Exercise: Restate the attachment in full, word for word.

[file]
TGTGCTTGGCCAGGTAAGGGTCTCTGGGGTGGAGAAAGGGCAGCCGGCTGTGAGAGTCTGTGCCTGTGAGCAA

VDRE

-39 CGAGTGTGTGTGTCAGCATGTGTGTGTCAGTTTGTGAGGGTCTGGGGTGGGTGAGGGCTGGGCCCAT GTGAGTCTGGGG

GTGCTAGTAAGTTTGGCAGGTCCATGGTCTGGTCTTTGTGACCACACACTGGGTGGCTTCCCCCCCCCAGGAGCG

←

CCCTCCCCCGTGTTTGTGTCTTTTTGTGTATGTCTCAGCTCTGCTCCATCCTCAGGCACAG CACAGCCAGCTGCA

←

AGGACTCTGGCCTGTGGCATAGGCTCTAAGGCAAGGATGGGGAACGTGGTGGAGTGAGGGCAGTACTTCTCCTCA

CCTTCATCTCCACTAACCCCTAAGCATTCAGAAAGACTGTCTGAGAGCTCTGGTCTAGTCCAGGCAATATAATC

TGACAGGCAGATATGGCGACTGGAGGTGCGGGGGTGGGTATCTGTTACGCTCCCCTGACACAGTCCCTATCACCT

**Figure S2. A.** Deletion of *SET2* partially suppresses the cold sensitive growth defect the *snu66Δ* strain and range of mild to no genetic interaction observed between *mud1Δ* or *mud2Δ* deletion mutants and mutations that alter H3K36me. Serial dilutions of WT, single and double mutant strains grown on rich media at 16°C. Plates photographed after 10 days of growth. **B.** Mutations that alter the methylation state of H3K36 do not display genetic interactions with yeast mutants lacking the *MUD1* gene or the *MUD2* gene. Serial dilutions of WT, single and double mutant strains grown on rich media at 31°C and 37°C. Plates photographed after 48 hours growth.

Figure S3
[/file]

TGTGCTTGGCCAGGTAAGGGTCTCTGGGGTGGAGAAAGGGCAGCCGGCTGTGAGAGTCTGTGCCTGTGAGCAA

VDRE

-39 CGAGTGTGTGTGTCAGCATGTGTGTGTCAGTTTGTGAGGGTCTGGGGTGGGTGAGGGCTGGGCCCAT GTGAGTCTGGGG

GTGCTAGTAAGTTTGGCAGGTCCATGGTCTGGTCTTTGTGACCACACACTGGGTGGCTTCCCCCCCCCAGGAGCG

←

CCCTCCCCCGTGTTTGTGTCTTTTTGTGTATGTCTCAGCTCTGCTCCATCCTCAGGCACAG CACAGCCAGCTGCA

←

AGGACTCTGGCCTGTGGCATAGGCTCTAAGGCAAGGATGGGGAACGTGGTGGAGTGAGGGCAGTACTTCTCCTCA

CCTTCATCTCCACTAACCCCTAAGCATTCAGAAAGACTGTCTGAGAGCTCTGGTCTAGTCCAGGCAATATAATC

TGACAGGCAGATATGGCGACTGGAGGTGCGGGGGTGGGTATCTGTTACGCTCCCCTGACACAGTCCCTATCACCT

**Figure S2. A.** Deletion of *SET2* partially suppresses the cold sensitive growth defect the *snu66Δ* strain and range of mild to no genetic interaction observed between *mud1Δ* or *mud2Δ* deletion mutants and mutations that alter H3K36me. Serial dilutions of WT, single and double mutant strains grown on rich media at 16°C. Plates photographed after 10 days of growth. **B.** Mutations that alter the methylation state of H3K36 do not display genetic interactions with yeast mutants lacking the *MUD1* gene or the *MUD2* gene. Serial dilutions of WT, single and double mutant strains grown on rich media at 31°C and 37°C. Plates photographed after 48 hours growth.

Figure S3